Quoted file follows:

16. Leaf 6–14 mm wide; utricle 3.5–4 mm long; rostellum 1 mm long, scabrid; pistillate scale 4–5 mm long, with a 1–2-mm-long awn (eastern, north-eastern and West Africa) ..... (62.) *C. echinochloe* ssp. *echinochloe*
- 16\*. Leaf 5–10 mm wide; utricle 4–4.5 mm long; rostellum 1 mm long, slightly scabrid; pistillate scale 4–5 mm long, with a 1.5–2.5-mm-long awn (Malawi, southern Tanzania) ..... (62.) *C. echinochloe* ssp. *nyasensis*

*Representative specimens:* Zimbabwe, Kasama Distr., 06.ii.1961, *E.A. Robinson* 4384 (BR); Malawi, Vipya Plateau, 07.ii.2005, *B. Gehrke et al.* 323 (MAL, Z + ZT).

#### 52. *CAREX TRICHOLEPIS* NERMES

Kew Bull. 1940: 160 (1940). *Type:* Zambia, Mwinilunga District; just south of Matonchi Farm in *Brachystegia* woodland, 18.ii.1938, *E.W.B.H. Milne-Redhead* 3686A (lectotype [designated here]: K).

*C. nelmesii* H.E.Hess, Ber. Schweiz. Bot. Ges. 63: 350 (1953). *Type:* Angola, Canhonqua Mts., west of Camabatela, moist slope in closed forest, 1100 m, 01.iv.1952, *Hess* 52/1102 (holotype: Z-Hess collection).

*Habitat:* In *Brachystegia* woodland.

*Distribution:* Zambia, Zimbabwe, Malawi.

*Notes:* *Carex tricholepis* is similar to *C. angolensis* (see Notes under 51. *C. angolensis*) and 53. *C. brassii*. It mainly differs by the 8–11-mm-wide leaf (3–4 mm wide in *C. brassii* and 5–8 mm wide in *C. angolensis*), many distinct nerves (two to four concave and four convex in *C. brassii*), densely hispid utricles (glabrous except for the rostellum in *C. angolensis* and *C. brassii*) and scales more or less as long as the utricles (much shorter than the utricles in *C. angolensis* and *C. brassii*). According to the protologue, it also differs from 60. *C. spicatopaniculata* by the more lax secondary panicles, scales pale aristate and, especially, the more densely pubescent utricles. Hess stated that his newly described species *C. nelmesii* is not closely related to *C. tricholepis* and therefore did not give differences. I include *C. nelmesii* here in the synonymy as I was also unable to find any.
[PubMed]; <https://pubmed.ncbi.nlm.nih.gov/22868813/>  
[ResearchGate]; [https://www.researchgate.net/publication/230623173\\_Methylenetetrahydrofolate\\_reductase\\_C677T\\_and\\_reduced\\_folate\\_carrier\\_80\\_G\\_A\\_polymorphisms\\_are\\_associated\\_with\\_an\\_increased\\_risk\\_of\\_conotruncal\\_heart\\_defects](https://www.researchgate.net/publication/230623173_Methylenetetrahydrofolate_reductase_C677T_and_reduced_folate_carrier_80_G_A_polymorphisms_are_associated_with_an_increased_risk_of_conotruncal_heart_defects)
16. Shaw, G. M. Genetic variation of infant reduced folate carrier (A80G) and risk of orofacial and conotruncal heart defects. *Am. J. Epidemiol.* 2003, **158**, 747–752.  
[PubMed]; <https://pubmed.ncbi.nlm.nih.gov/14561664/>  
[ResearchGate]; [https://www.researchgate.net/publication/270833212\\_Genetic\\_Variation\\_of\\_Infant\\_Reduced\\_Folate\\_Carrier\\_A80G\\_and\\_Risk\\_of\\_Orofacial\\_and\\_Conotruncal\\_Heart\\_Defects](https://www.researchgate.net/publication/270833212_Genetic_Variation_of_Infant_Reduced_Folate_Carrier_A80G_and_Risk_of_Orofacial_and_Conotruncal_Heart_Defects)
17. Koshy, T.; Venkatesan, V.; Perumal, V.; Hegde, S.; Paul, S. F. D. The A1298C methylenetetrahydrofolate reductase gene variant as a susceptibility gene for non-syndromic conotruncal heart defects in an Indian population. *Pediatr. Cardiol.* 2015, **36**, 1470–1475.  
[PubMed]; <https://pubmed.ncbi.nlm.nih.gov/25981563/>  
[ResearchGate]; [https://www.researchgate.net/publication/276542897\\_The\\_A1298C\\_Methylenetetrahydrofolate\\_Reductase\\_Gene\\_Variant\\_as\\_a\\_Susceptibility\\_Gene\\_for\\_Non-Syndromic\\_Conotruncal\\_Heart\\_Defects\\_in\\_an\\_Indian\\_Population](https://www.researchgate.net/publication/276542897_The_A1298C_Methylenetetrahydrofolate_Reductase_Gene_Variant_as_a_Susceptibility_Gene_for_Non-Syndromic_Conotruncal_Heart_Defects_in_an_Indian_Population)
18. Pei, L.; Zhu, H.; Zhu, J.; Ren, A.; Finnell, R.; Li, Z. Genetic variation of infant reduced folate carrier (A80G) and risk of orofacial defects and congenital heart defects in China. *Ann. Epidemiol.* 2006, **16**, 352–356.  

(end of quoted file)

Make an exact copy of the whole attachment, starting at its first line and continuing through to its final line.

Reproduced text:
16. Leaf 6–14 mm wide; utricle 3.5–4 mm long; rostellum 1 mm long, scabrid; pistillate scale 4–5 mm long, with a 1–2-mm-long awn (eastern, north-eastern and West Africa) ..... (62.) *C. echinochloe* ssp. *echinochloe*
- 16\*. Leaf 5–10 mm wide; utricle 4–4.5 mm long; rostellum 1 mm long, slightly scabrid; pistillate scale 4–5 mm long, with a 1.5–2.5-mm-long awn (Malawi, southern Tanzania) ..... (62.) *C. echinochloe* ssp. *nyasensis*

*Representative specimens:* Zimbabwe, Kasama Distr., 06.ii.1961, *E.A. Robinson* 4384 (BR); Malawi, Vipya Plateau, 07.ii.2005, *B. Gehrke et al.* 323 (MAL, Z + ZT).

#### 52. *CAREX TRICHOLEPIS* NERMES

Kew Bull. 1940: 160 (1940). *Type:* Zambia, Mwinilunga District; just south of Matonchi Farm in *Brachystegia* woodland, 18.ii.1938, *E.W.B.H. Milne-Redhead* 3686A (lectotype [designated here]: K).

*C. nelmesii* H.E.Hess, Ber. Schweiz. Bot. Ges. 63: 350 (1953). *Type:* Angola, Canhonqua Mts., west of Camabatela, moist slope in closed forest, 1100 m, 01.iv.1952, *Hess* 52/1102 (holotype: Z-Hess collection).

*Habitat:* In *Brachystegia* woodland.

*Distribution:* Zambia, Zimbabwe, Malawi.

*Notes:* *Carex tricholepis* is similar to *C. angolensis* (see Notes under 51. *C. angolensis*) and 53. *C. brassii*. It mainly differs by the 8–11-mm-wide leaf (3–4 mm wide in *C. brassii* and 5–8 mm wide in *C. angolensis*), many distinct nerves (two to four concave and four convex in *C. brassii*), densely hispid utricles (glabrous except for the rostellum in *C. angolensis* and *C. brassii*) and scales more or less as long as the utricles (much shorter than the utricles in *C. angolensis* and *C. brassii*). According to the protologue, it also differs from 60. *C. spicatopaniculata* by the more lax secondary panicles, scales pale aristate and, especially, the more densely pubescent utricles. Hess stated that his newly described species *C. nelmesii* is not closely related to *C. tricholepis* and therefore did not give differences. I include *C. nelmesii* here in the synonymy as I was also unable to find any.
[PubMed]; <https://pubmed.ncbi.nlm.nih.gov/22868813/>  
[ResearchGate]; [https://www.researchgate.net/publication/230623173\\_Methylenetetrahydrofolate\\_reductase\\_C677T\\_and\\_reduced\\_folate\\_carrier\\_80\\_G\\_A\\_polymorphisms\\_are\\_associated\\_with\\_an\\_increased\\_risk\\_of\\_conotruncal\\_heart\\_defects](https://www.researchgate.net/publication/230623173_Methylenetetrahydrofolate_reductase_C677T_and_reduced_folate_carrier_80_G_A_polymorphisms_are_associated_with_an_increased_risk_of_conotruncal_heart_defects)
16. Shaw, G. M. Genetic variation of infant reduced folate carrier (A80G) and risk of orofacial and conotruncal heart defects. *Am. J. Epidemiol.* 2003, **158**, 747–752.  
[PubMed]; <https://pubmed.ncbi.nlm.nih.gov/14561664/>  
[ResearchGate]; [https://www.researchgate.net/publication/270833212\\_Genetic\\_Variation\\_of\\_Infant\\_Reduced\\_Folate\\_Carrier\\_A80G\\_and\\_Risk\\_of\\_Orofacial\\_and\\_Conotruncal\\_Heart\\_Defects](https://www.researchgate.net/publication/270833212_Genetic_Variation_of_Infant_Reduced_Folate_Carrier_A80G_and_Risk_of_Orofacial_and_Conotruncal_Heart_Defects)
17. Koshy, T.; Venkatesan, V.; Perumal, V.; Hegde, S.; Paul, S. F. D. The A1298C methylenetetrahydrofolate reductase gene variant as a susceptibility gene for non-syndromic conotruncal heart defects in an Indian population. *Pediatr. Cardiol.* 2015, **36**, 1470–1475.  
[PubMed]; <https://pubmed.ncbi.nlm.nih.gov/25981563/>  
[ResearchGate]; [https://www.researchgate.net/publication/276542897\\_The\\_A1298C\\_Methylenetetrahydrofolate\\_Reductase\\_Gene\\_Variant\\_as\\_a\\_Susceptibility\\_Gene\\_for\\_Non-Syndromic\\_Conotruncal\\_Heart\\_Defects\\_in\\_an\\_Indian\\_Population](https://www.researchgate.net/publication/276542897_The_A1298C_Methylenetetrahydrofolate_Reductase_Gene_Variant_as_a_Susceptibility_Gene_for_Non-Syndromic_Conotruncal_Heart_Defects_in_an_Indian_Population)
18. Pei, L.; Zhu, H.; Zhu, J.; Ren, A.; Finnell, R.; Li, Z. Genetic variation of infant reduced folate carrier (A80G) and risk of orofacial defects and congenital heart defects in China. *Ann. Epidemiol.* 2006, **16**, 352–356.  